“The Crow and the Phoenix” now available at Daily Science Fiction

I’ve been working on a particular novel for a long time now–originally drafted in 2014 in fifteen minute increments, I’m now on my third rewrite after a grueling workshop with Kij Johnson and Barbara Webb over the summer. When I took my latest draft to the workshop one thing was missing: the prologue, which I had decided to cut and turn into a flash piece. Would it work as a stand-alone story?

I’m very happy that editors Michele-Lee Barasso and Jonathan Laden felt it did. It’s now up at Daily Science Fiction under the title “The Crow and the Phoenix,” a bite-sized story of 1,000 words.

And looking at it again…I think it probably does belong in the book after all.

RESIST: Tales From a Future Worth Fighting Against

Anyone else forget that they have a blog?

ANYWAY…a few months ago I had the tremendous good fortune to join an editorial team working on a Secret Project: an anthology of speculative fiction to benefit the ACLU. The book was conceived by Gary Whitta (of Rogue One fame), and co-edited by Gary, Hugh Howey, and myself. All of the authors and editors–even the proofreader!–donated our time and work to the cause.

RESIST: Tales From a Future Worth Fighting Against was originally released as part of a Humble Bundle–the “Get Out the Vote!” bundle–which raised $60,000 for the ACLU. It’s now available on Amazon in both print and ebook editions, and all proceeds after Amazon fees will continue to go to the ACLU forever.

You can buy it here.

 

Tangent reviews Her February Face: “Highly Recommended”

Tangent Online has reviewed the April issue of Diabolical Plots and had very kind things to say about my story, “Her February Face.” Reviewer Kat Day says:

“This is a beautifully-written piece that drew me in immediately. …The ending is touching and brings the story together perfectly. Highly recommended.”

You can read the rest of the review here.

Retro Review: The White Mountains by John Christopher

In which I make an effort to fill some of the gaps in my knowledge of the science fiction and fantasy published before 2000 (or “in the 1900’s,” as my daughter would say, but that just makes me feel old).

The White Mountains by John Christopher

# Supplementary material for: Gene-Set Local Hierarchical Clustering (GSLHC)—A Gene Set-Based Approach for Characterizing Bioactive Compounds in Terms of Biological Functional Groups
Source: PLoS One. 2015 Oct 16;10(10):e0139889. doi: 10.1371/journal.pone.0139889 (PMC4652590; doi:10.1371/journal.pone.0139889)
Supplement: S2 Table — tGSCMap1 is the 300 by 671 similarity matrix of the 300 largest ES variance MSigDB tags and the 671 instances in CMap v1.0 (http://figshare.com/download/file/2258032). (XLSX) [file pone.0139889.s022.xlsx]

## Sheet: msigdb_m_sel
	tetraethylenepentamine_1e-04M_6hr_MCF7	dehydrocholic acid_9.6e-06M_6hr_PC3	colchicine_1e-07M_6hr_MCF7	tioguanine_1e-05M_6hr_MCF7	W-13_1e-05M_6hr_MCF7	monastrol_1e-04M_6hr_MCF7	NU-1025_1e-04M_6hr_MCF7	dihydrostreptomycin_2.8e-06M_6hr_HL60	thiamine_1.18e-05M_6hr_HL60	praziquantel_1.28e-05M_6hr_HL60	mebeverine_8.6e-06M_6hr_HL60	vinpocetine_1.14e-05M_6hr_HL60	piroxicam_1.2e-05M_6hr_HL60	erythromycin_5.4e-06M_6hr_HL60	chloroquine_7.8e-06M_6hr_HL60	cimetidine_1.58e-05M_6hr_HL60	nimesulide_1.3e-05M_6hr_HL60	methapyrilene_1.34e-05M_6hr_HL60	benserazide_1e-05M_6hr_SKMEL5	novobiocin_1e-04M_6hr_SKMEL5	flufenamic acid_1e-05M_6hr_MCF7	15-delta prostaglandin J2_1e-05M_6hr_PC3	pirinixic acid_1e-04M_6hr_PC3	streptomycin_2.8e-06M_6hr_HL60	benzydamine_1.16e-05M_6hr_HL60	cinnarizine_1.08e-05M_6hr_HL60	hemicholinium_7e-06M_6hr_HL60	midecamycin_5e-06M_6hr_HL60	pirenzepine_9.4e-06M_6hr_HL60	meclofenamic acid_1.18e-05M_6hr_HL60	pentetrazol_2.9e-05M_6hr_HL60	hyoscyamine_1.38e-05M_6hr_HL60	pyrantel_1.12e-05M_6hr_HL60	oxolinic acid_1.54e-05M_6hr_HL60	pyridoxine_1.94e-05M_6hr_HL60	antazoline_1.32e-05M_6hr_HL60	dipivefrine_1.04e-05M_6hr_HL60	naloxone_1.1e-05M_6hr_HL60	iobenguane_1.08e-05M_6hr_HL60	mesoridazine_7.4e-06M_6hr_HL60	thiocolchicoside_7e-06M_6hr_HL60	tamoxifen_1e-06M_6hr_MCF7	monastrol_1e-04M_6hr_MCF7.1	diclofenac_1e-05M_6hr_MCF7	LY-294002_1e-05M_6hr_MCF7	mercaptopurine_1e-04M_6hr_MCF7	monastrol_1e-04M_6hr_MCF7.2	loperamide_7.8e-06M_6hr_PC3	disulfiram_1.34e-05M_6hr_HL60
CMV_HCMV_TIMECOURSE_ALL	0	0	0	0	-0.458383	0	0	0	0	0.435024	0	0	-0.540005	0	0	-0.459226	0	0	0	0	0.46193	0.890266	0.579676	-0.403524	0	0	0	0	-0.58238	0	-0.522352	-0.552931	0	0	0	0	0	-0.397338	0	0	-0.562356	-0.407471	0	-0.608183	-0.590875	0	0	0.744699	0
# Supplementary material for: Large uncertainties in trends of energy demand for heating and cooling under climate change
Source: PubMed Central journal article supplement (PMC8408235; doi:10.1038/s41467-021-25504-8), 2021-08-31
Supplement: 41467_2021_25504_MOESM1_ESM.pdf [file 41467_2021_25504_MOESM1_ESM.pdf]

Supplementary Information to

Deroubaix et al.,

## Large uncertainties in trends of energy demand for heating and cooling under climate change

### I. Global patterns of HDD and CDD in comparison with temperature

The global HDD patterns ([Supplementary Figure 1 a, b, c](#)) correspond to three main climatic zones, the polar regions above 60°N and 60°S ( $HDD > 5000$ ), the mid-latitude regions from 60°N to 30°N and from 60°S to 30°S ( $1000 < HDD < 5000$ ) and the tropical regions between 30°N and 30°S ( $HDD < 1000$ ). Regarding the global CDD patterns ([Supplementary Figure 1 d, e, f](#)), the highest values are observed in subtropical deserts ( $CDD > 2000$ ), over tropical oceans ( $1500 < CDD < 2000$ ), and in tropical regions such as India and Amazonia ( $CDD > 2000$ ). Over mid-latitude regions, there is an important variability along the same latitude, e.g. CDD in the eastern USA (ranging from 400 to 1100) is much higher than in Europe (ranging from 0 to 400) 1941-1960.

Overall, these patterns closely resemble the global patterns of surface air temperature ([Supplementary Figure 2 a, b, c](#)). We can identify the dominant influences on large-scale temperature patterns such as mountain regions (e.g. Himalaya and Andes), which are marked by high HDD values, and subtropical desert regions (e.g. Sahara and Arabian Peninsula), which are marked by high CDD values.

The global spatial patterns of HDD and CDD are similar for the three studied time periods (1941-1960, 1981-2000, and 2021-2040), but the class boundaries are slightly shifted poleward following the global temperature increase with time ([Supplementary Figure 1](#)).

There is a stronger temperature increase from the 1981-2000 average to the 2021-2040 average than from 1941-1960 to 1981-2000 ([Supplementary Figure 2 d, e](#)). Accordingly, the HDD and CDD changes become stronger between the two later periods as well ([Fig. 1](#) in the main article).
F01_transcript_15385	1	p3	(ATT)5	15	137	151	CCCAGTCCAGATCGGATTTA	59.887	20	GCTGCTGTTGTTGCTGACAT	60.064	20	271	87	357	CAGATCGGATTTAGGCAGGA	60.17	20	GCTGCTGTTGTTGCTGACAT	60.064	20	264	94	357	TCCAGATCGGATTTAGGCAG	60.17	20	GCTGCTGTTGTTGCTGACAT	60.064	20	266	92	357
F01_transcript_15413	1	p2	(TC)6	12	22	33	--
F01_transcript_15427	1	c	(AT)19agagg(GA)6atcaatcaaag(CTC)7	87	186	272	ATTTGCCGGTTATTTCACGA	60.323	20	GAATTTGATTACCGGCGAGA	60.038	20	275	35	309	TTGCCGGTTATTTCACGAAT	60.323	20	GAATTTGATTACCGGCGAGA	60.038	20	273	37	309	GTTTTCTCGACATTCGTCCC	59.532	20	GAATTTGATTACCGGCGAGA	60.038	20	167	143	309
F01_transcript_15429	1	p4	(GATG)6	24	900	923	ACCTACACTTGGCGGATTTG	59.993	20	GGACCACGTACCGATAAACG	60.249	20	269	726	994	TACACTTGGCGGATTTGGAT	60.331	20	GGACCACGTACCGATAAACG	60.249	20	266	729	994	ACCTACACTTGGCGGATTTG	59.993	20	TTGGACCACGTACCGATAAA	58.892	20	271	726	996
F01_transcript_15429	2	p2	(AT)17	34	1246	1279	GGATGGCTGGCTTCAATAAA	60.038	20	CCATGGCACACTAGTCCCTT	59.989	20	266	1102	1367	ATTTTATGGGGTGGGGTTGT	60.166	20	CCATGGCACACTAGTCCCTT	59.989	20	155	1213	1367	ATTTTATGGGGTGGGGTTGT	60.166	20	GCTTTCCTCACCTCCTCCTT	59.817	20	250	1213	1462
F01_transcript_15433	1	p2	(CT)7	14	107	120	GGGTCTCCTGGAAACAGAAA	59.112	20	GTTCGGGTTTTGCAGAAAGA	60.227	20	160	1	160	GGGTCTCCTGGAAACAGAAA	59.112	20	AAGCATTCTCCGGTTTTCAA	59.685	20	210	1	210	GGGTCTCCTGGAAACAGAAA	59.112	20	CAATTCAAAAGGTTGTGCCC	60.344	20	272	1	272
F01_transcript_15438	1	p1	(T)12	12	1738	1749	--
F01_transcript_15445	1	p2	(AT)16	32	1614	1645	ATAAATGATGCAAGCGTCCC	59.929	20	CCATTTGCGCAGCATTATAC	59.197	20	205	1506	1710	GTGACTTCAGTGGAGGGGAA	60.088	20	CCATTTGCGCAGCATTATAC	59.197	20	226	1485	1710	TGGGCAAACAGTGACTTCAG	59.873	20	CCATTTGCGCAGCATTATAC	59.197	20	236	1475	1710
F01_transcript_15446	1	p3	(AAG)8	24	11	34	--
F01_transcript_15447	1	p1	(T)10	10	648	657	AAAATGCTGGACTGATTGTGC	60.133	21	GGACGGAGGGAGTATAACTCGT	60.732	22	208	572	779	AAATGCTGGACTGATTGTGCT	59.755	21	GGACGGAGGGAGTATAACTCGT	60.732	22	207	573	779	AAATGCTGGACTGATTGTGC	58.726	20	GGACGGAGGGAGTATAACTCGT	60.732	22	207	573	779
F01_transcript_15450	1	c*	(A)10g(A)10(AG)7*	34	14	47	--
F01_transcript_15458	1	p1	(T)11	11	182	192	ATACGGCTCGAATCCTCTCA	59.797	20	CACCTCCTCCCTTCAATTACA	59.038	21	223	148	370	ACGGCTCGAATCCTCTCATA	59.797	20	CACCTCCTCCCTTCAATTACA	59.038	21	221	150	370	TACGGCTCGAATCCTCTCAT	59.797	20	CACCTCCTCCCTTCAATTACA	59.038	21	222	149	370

Copyright © John Christopher 1967
Edition read: Second Collier Books edition 1988

Cover: The Tripods Trilogy by John Christopher. A enormous dome atop three articulated legs menaces two boys while drawing a third boy toward the dome via a retractable tentacle.

I was lucky enough to have a fourth-grade teacher who loved science fiction. Fourth grade was the last year in which teachers read to the class as part of the daily curriculum. (This was around 1980.) That year our teacher read Ray Bradbury stories (“The Fog Horn” and “All Summer in a Day” being particularly memorable from that time), Madeleine L’Engle’s A Wrinkle in Time (of course)–and The White Mountains by John Christopher. When I spotted an aged copy at the library book sale, I picked it up, whereupon it accumulated nostalgia and dust for two years. I found it the other day, and needing something to read, decided to revisit the book that had so frightened me and helped to shape my early understanding of science fiction.

My memory of it was confused, at best. I suspect that I conflated it with the later books in the series, which our teacher may have also read, or maybe I picked them up on my own. I remembered the books being far-future science fiction, absolutely terrifying, and largely taking place in a snowy mountain range, with a solitary protagonist in ever-present danger.

Instead what I found was a post-apocalyptic story set in the current time, a return to a feudal society after the fall of human civilization at the hands of the enormous, robotic Tripods, who now rule through mind-control via the mesh metal “caps” that are placed on every person coming of age. No one knows where the Tripods came from, whether they were made by humans or arrived on Earth from somewhere else—but capping brings an end to curiosity, a confident knowledge of one’s place in the world, and a social harmony that makes the presence of the Tripods a thing that most people neither object to nor fear.

Will, our protagonist—his name likely being symbolic—is starting to question the necessity of capping as he has just lost his closest companion, his cousin Jack, who has been capped and has joined the society of adults. Will in his grief and loneliness meets a Vagrant, a type of man whose bond with the Tripods didn’t take, leading him possibly to madness, but certainly making him an outcast in a society that functions in complete unity. This Vagrant calls himself Ozymandias, and his cap is a fake that allows him to travel without suspicion. He convinces Will that his fear of capping is valid and reasonable, and tells him that there is a society of free boys and men who have refused to be capped living in the White Mountains, who he could join, if he has the courage.

Will makes the decision to flee before his capping, leaving his family and future behind, and inadvertently teams up with his boyhood antagonist, Henry. Together they leave the land (England–a discovery to me, but maybe obvious to those who know the place), and cross the channel into France,  where they adopt a third member of their party, a young man with an inventive mind who they call Beanpole as they can’t decipher his accent (it’s really Jean-Paul). When Will falls ill, he is taken in by the nominal ruling family and nursed back to health, separated from his companions and maintaining the cover of being an average, if adventurous, Tripod-compliant boy. The three must escape the feudal enclave—where Will must part with Eloise, a girl he has grown close to, who will soon be offered up as a sacrifice to the Tripods and will live out her life in service to them, wherever it is that they abide—and outrun, outsmart, and survive the Tripods that have picked up their trail.